Small is beautiful, says the old cliché, and that certainly holds
true for numismatic books.
Earlier this year, while doing research at the American Numismatic
Society Library, I was enchanted by Librarian Elizabeth Hahn’s exhibit
of tiny numismatic publications. A miniature book is a
fully-functioning volume, only much smaller than a typical tome.
The Miniature Book Society defines it as no larger than 3 inches
in height, width or thickness. International standards are more
generous, allowing up to 4 inches. Books meeting the U.S. standard are
truly teeny; more reminiscent of a matchbook than of something you
might actually read.
But read them you can, even if it does require some practice
before you can smoothly turn such diminutive pages. Miniature books
have been published for decades on virtually every subject from
astronomy to zoology, and fortunately, coins, tokens, medals, and
paper money have not escaped the attention of miniature book authors
The exhibit at the ANS was truly a global affair, with miniature
numismatic books from Russia, Hungary, Japan and Spain all on
prominent display. One, Asao Hashino’s Old Coins of the World, was
exhibited, for comparative purposes, side by side with a Roosevelt
dime (it was bigger than the dime, but only just).
At least six miniature numismatic books have been published in the
We begin with Money: Some Observations. No compiler is credited
for this oblong collection of quotations on the subject of lucre. Its
frontispiece is a reproduction, in miniature, of a July 22, 1776,
PERSEVERANDO $6 Continental Currency note.
As is typical for miniature books, it hasn’t many pages, only 36,
and was published by a small private printer.
Money also qualifies as rare, for only 50 copies were printed.
The second volume is more specifically numismatic: Colonial Coins:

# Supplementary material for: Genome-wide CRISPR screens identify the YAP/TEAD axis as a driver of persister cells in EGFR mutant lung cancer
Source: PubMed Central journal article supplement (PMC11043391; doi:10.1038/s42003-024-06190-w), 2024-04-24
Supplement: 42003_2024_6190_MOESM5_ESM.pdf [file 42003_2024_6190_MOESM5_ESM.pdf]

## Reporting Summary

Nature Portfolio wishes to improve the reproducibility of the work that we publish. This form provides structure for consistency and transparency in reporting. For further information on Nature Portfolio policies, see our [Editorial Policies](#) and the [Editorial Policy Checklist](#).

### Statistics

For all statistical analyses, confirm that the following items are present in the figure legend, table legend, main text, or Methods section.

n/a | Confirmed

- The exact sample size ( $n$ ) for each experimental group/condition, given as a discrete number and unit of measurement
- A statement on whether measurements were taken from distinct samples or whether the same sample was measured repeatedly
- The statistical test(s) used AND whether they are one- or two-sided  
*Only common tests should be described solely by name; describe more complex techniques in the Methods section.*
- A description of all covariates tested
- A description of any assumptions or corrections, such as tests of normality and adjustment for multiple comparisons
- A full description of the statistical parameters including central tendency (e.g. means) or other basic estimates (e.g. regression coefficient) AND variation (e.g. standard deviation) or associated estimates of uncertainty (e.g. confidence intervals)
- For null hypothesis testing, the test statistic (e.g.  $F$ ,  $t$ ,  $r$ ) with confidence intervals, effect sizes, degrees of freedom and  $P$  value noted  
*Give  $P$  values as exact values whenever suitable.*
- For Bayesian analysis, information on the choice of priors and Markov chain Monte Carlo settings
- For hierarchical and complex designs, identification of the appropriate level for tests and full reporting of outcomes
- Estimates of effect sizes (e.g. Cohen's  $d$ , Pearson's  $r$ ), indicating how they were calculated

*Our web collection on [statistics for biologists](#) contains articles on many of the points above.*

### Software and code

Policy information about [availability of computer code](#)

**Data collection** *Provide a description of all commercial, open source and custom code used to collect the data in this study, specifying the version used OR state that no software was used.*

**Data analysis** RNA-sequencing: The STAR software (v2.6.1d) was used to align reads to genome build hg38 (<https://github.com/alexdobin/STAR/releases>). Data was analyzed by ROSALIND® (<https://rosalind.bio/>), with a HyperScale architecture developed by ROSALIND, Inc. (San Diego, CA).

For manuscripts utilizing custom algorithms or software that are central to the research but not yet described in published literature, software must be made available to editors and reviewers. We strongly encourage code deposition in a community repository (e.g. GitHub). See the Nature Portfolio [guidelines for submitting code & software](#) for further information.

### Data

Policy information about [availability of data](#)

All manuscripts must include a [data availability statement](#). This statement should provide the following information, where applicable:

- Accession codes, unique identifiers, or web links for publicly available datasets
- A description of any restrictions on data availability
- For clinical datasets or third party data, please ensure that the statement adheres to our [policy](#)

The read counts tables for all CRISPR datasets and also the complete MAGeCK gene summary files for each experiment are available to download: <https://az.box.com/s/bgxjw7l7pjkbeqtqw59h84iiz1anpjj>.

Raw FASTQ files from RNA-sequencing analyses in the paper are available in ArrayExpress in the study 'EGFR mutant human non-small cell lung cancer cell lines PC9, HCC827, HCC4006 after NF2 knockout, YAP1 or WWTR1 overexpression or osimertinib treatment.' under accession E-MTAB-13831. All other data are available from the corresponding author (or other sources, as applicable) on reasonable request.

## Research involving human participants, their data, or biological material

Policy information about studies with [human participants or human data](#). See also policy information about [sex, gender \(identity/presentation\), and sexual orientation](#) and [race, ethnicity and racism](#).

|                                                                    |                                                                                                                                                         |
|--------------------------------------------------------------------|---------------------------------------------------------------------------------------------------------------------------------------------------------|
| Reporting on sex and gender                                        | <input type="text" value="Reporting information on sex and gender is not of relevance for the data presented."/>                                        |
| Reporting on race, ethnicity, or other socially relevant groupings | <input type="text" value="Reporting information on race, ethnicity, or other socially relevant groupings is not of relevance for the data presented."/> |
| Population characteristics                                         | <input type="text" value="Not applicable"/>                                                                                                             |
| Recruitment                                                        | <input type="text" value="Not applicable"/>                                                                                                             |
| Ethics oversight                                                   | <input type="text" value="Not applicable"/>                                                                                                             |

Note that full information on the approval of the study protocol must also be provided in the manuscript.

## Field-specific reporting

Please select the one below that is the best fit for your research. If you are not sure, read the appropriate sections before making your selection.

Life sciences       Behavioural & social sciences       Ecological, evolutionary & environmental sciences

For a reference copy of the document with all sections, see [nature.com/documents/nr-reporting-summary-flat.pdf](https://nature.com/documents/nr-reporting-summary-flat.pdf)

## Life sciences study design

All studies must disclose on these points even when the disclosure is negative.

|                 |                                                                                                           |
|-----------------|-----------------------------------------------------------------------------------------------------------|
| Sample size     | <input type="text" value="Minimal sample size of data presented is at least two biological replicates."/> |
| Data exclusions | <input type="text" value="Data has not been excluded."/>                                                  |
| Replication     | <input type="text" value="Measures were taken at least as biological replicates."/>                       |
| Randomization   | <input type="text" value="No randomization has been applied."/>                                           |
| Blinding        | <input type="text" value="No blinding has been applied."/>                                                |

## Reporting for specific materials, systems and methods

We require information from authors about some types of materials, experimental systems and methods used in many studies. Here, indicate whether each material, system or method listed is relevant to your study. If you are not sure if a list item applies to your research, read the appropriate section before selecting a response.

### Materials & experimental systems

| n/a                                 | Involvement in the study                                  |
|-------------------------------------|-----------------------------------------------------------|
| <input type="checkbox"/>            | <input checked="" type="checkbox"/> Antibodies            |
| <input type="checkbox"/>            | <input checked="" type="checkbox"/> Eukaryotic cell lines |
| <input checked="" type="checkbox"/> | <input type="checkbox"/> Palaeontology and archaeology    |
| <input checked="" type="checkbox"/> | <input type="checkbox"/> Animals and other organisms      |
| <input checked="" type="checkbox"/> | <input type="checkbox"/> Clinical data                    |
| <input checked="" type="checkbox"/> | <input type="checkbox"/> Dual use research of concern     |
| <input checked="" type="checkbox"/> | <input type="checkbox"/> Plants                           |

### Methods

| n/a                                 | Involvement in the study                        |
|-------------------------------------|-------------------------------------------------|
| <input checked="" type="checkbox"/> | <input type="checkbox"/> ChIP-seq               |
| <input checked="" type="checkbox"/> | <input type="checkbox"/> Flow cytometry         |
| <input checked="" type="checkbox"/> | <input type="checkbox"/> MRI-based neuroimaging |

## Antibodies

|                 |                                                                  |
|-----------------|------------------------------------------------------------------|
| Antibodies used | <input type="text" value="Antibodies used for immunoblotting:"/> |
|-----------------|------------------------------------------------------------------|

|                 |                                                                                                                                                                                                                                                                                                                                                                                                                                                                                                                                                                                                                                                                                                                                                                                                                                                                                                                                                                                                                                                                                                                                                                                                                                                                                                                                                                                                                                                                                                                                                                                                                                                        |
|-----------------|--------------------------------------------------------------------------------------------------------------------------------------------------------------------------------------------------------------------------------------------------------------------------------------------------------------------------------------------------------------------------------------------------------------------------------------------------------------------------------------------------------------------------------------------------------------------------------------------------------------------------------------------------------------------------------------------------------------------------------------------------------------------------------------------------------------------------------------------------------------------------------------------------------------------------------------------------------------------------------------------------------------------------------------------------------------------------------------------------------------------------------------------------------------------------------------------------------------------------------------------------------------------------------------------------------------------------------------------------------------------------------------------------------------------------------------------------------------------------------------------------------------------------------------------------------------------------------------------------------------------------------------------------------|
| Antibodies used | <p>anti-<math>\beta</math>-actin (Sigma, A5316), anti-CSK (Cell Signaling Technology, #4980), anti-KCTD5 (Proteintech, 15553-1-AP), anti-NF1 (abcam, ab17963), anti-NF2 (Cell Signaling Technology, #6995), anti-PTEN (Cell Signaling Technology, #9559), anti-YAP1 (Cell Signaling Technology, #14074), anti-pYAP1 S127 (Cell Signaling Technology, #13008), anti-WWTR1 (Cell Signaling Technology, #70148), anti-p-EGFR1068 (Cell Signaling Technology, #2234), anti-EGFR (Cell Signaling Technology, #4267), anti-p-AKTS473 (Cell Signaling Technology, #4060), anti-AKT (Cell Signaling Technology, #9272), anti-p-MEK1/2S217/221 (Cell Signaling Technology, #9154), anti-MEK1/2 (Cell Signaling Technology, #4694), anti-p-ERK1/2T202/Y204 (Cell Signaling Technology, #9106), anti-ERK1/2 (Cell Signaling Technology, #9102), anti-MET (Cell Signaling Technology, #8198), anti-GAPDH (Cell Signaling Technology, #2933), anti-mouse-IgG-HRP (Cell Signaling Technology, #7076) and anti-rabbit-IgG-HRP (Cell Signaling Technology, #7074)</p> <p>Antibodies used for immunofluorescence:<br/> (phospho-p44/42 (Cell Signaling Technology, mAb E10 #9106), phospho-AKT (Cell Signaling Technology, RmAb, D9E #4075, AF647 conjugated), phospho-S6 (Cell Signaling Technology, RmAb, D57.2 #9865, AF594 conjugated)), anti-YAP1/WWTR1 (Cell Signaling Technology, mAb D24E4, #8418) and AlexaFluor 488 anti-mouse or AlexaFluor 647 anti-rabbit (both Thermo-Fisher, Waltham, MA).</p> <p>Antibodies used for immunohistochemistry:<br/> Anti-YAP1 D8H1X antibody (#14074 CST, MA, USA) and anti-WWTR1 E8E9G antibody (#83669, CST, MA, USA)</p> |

Illustrated with Numerous Photo Engravings. Once again, no author is
credited. The book was published by a small operation: the Hillside
Press of Tilton, N.H.
Its 32 pages contain several photo engravings of selected Colonial
coins. The covers of the 250 copies feature an illustration inspired
by the unique 1776 Massachusetts Pine Tree copper.
The third miniature book is the most atypical. Mark Hoff’s
American Coins comes not from a small press, but rather from a
commercial publisher, Andrews McMeel of Kansas City, Mo., making it
the commonest tiny numismatic book.
This 1996 imprint is also unusual for its length: 122 pages.
It features a pictorial dust jacket.
The book’s ambitions are much larger than its dimensions, for it
treats the reader to a color photo-illustrated overview of U.S.
coinage, from Colonial through federal.
If you believe that less can indeed be more, you should start a
collection of miniature numismatic books. Most are rare and are priced
at about $90 to $150.
Next month, we will focus on three miniature numismatic books that
merge literature and money.
JOEL J. OROSZ is a charter member of the Numismatic Bibliomania
Society and co-author of The Secret History of the First U.S. Mint. He
can be reached at Joeljorosz@gmail.com.